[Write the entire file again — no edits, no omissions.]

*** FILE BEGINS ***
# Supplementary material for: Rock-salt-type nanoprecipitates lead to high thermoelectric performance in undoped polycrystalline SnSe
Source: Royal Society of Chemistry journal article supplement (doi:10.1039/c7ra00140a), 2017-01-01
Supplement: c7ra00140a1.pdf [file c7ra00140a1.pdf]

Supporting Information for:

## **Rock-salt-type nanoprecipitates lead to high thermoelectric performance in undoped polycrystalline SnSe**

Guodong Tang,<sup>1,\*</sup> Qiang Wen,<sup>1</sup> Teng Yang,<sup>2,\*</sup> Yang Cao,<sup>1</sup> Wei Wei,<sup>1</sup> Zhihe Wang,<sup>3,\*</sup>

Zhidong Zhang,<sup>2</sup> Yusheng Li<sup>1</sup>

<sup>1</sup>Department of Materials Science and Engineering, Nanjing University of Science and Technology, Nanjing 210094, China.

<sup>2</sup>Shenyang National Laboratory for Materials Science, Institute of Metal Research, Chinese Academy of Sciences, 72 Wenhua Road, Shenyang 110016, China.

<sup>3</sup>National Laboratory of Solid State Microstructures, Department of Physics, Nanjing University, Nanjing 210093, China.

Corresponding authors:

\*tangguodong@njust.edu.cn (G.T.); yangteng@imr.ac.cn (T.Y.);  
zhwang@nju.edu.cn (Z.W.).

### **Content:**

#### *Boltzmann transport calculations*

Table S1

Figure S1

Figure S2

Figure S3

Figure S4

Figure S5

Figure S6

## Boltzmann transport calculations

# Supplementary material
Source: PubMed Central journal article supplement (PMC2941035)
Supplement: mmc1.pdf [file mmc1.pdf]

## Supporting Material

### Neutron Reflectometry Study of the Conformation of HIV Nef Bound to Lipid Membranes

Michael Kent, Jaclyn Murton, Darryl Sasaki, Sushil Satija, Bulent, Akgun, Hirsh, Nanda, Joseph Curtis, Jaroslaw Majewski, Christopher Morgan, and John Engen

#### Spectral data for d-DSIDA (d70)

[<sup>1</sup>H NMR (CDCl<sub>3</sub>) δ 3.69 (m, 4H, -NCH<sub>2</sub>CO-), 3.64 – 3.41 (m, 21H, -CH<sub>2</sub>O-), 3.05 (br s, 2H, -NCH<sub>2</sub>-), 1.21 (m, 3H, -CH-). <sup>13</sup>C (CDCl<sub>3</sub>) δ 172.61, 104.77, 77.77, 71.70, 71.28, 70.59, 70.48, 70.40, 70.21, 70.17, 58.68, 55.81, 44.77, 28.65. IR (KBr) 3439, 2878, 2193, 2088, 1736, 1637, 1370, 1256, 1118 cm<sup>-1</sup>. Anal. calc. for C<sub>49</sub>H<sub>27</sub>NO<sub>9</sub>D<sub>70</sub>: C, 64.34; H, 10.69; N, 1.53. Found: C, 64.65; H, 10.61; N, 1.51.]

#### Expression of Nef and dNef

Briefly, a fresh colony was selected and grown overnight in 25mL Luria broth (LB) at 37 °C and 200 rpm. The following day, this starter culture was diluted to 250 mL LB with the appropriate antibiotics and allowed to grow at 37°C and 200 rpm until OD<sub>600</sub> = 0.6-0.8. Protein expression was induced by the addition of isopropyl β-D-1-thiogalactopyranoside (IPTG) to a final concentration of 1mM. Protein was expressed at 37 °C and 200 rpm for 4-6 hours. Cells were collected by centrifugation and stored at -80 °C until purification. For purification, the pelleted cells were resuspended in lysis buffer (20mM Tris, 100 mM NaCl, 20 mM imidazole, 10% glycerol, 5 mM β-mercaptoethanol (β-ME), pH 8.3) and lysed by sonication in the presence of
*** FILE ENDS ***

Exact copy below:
# Supplementary material for: Rock-salt-type nanoprecipitates lead to high thermoelectric performance in undoped polycrystalline SnSe
Source: Royal Society of Chemistry journal article supplement (doi:10.1039/c7ra00140a), 2017-01-01
Supplement: c7ra00140a1.pdf [file c7ra00140a1.pdf]

Supporting Information for:

## **Rock-salt-type nanoprecipitates lead to high thermoelectric performance in undoped polycrystalline SnSe**

Guodong Tang,<sup>1,\*</sup> Qiang Wen,<sup>1</sup> Teng Yang,<sup>2,\*</sup> Yang Cao,<sup>1</sup> Wei Wei,<sup>1</sup> Zhihe Wang,<sup>3,\*</sup>

Zhidong Zhang,<sup>2</sup> Yusheng Li<sup>1</sup>

<sup>1</sup>Department of Materials Science and Engineering, Nanjing University of Science and Technology, Nanjing 210094, China.

<sup>2</sup>Shenyang National Laboratory for Materials Science, Institute of Metal Research, Chinese Academy of Sciences, 72 Wenhua Road, Shenyang 110016, China.

<sup>3</sup>National Laboratory of Solid State Microstructures, Department of Physics, Nanjing University, Nanjing 210093, China.

Corresponding authors:

\*tangguodong@njust.edu.cn (G.T.); yangteng@imr.ac.cn (T.Y.);  
zhwang@nju.edu.cn (Z.W.).

### **Content:**

#### *Boltzmann transport calculations*

Table S1

Figure S1

Figure S2

Figure S3

Figure S4

Figure S5

Figure S6

## Boltzmann transport calculations

# Supplementary material
Source: PubMed Central journal article supplement (PMC2941035)
Supplement: mmc1.pdf [file mmc1.pdf]

## Supporting Material

### Neutron Reflectometry Study of the Conformation of HIV Nef Bound to Lipid Membranes

Michael Kent, Jaclyn Murton, Darryl Sasaki, Sushil Satija, Bulent, Akgun, Hirsh, Nanda, Joseph Curtis, Jaroslaw Majewski, Christopher Morgan, and John Engen

#### Spectral data for d-DSIDA (d70)

[<sup>1</sup>H NMR (CDCl<sub>3</sub>) δ 3.69 (m, 4H, -NCH<sub>2</sub>CO-), 3.64 – 3.41 (m, 21H, -CH<sub>2</sub>O-), 3.05 (br s, 2H, -NCH<sub>2</sub>-), 1.21 (m, 3H, -CH-). <sup>13</sup>C (CDCl<sub>3</sub>) δ 172.61, 104.77, 77.77, 71.70, 71.28, 70.59, 70.48, 70.40, 70.21, 70.17, 58.68, 55.81, 44.77, 28.65. IR (KBr) 3439, 2878, 2193, 2088, 1736, 1637, 1370, 1256, 1118 cm<sup>-1</sup>. Anal. calc. for C<sub>49</sub>H<sub>27</sub>NO<sub>9</sub>D<sub>70</sub>: C, 64.34; H, 10.69; N, 1.53. Found: C, 64.65; H, 10.61; N, 1.51.]

#### Expression of Nef and dNef

Briefly, a fresh colony was selected and grown overnight in 25mL Luria broth (LB) at 37 °C and 200 rpm. The following day, this starter culture was diluted to 250 mL LB with the appropriate antibiotics and allowed to grow at 37°C and 200 rpm until OD<sub>600</sub> = 0.6-0.8. Protein expression was induced by the addition of isopropyl β-D-1-thiogalactopyranoside (IPTG) to a final concentration of 1mM. Protein was expressed at 37 °C and 200 rpm for 4-6 hours. Cells were collected by centrifugation and stored at -80 °C until purification. For purification, the pelleted cells were resuspended in lysis buffer (20mM Tris, 100 mM NaCl, 20 mM imidazole, 10% glycerol, 5 mM β-mercaptoethanol (β-ME), pH 8.3) and lysed by sonication in the presence of